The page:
COL. W. PATRICK LANG: Well, I was just going to say I believe tonight that the government in Syria is sweating. If this man came from Syria and we have him alive, there will be consequences because of this. And I think we noticed that Ambassador Bremer had spoken about perhaps Iran meddling, and I think you’re going to see another point that the Americans can bring up, our government, is to put more pressure on Syria and Iran and say, hey, we’re going to hold you responsible if they’re coming across those borders.
MARGARET WARNER: But Professor Dawisha, back on the ground what do you think the U.S. should do?
ADEED DAWISHA: Well, I think they should continue with the good work that they’ve been doing. We tend to forget that there’s been a lot of positive developments going on in Iraq, and it may very well be that as a result of these positive developments, the attacks have been increasing in order to combat them.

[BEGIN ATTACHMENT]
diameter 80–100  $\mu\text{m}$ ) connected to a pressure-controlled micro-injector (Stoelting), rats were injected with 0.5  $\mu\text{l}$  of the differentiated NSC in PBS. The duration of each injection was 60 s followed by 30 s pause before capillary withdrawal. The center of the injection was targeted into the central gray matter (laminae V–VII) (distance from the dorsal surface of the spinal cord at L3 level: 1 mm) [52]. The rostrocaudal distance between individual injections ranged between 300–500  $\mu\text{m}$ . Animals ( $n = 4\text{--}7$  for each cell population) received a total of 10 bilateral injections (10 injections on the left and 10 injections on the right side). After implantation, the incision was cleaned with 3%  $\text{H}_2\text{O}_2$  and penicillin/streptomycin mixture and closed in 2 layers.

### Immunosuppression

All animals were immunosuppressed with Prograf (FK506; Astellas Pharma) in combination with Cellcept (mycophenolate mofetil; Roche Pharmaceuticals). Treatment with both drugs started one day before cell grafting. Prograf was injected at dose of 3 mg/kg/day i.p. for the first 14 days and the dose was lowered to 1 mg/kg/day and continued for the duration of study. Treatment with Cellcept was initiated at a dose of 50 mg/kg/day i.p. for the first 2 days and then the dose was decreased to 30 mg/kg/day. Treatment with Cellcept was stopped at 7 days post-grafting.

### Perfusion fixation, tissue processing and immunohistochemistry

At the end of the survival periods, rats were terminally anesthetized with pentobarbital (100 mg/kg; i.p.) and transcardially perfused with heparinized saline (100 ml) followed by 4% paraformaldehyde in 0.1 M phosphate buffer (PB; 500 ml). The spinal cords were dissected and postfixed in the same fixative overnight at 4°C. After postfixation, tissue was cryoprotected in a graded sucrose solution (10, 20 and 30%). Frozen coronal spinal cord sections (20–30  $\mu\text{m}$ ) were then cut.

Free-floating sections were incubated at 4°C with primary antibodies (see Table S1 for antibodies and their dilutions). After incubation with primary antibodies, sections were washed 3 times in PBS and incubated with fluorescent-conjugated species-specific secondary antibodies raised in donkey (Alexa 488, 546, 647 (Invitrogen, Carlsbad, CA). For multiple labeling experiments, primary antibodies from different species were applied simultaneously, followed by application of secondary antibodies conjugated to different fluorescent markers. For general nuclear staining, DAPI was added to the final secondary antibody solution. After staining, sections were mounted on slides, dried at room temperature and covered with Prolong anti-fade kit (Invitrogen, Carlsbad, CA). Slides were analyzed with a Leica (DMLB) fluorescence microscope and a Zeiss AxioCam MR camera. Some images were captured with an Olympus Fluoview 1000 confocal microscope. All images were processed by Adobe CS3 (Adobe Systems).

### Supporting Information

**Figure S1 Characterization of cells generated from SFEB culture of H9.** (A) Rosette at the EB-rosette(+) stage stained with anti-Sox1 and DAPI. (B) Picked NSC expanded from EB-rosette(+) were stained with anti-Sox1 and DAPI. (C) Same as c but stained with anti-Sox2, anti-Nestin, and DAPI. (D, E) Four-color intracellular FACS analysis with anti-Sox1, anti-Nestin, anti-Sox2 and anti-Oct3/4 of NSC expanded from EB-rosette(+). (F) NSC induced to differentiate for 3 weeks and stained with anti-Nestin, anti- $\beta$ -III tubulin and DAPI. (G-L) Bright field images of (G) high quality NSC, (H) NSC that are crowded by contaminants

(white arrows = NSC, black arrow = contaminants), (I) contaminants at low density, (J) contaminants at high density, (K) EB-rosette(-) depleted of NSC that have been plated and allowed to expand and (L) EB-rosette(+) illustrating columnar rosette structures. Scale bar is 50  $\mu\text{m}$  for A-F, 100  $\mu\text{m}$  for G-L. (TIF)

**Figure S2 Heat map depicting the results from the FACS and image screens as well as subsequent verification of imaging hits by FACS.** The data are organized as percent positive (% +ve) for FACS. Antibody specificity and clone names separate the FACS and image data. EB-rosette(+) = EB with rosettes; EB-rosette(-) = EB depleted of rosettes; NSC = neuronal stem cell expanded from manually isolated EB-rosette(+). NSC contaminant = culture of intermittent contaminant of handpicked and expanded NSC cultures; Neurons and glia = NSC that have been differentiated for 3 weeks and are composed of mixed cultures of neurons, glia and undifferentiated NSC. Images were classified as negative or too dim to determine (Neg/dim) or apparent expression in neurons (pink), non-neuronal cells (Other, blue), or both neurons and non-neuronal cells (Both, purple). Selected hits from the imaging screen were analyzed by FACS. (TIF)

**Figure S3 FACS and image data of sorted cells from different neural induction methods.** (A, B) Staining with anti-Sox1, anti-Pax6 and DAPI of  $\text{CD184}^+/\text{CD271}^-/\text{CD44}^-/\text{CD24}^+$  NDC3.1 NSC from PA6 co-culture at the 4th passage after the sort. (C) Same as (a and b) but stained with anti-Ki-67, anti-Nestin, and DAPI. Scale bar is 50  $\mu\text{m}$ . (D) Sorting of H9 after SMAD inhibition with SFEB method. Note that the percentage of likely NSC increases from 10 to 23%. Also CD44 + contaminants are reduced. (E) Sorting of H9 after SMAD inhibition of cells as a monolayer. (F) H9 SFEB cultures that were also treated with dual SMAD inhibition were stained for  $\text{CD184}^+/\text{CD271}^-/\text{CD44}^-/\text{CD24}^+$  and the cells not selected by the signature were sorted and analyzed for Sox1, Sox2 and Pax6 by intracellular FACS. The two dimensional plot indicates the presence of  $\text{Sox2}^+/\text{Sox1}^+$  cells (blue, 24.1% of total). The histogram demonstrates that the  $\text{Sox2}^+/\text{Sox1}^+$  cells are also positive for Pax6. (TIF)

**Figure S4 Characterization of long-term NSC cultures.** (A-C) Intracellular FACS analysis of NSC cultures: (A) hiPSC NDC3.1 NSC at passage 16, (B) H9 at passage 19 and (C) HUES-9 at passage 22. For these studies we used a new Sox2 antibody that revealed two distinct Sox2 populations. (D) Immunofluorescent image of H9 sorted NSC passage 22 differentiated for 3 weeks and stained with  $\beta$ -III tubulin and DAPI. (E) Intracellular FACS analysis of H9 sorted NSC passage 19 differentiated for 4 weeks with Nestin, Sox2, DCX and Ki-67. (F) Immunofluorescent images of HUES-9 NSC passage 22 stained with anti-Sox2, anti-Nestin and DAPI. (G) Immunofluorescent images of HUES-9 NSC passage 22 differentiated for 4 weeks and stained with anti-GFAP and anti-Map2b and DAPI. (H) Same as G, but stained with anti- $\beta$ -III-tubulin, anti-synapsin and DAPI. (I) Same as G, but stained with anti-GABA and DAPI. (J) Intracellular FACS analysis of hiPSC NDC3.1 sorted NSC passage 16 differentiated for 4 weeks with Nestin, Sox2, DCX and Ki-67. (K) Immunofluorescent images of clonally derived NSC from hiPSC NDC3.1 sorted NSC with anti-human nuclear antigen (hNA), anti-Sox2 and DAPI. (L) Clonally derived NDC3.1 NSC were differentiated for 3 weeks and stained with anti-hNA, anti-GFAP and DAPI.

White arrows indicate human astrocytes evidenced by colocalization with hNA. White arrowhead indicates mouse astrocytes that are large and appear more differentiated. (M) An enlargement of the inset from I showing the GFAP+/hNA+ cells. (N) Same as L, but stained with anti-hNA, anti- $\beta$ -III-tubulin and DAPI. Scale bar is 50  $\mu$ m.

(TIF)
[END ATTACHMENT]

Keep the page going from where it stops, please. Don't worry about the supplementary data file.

There is a lot of things that have been happening in terms of the infrastructure. I think if the money goes through, the $20 billion, there would be even greater economic activity. There’s more money in Iraq, people are going out, the shops are open. People are staying out late. There was a lot of, let’s put it this way. Baghdad today compared to what it was two or three months ago, there’s been a lot of improvement.
If the Americans can continue with that, at the same time continue with the political developments that they’ve been kind of working on, for example, the constitutional committee, efforts to create a democratic system, working out the census, working out an electoral system, all of these things that they’ve been doing just continue to show that the Iraqis are serious about staying in Iraq and not leaving it until it’s democratic but also at the same time bringing some kind of a time line to convince the Iraqis that they’re not there basically to dominate the area, but there’s some period where they will leave after they have finished the job in Iraq.
MARGARET WARNER: Professor, gentlemen all, thank you.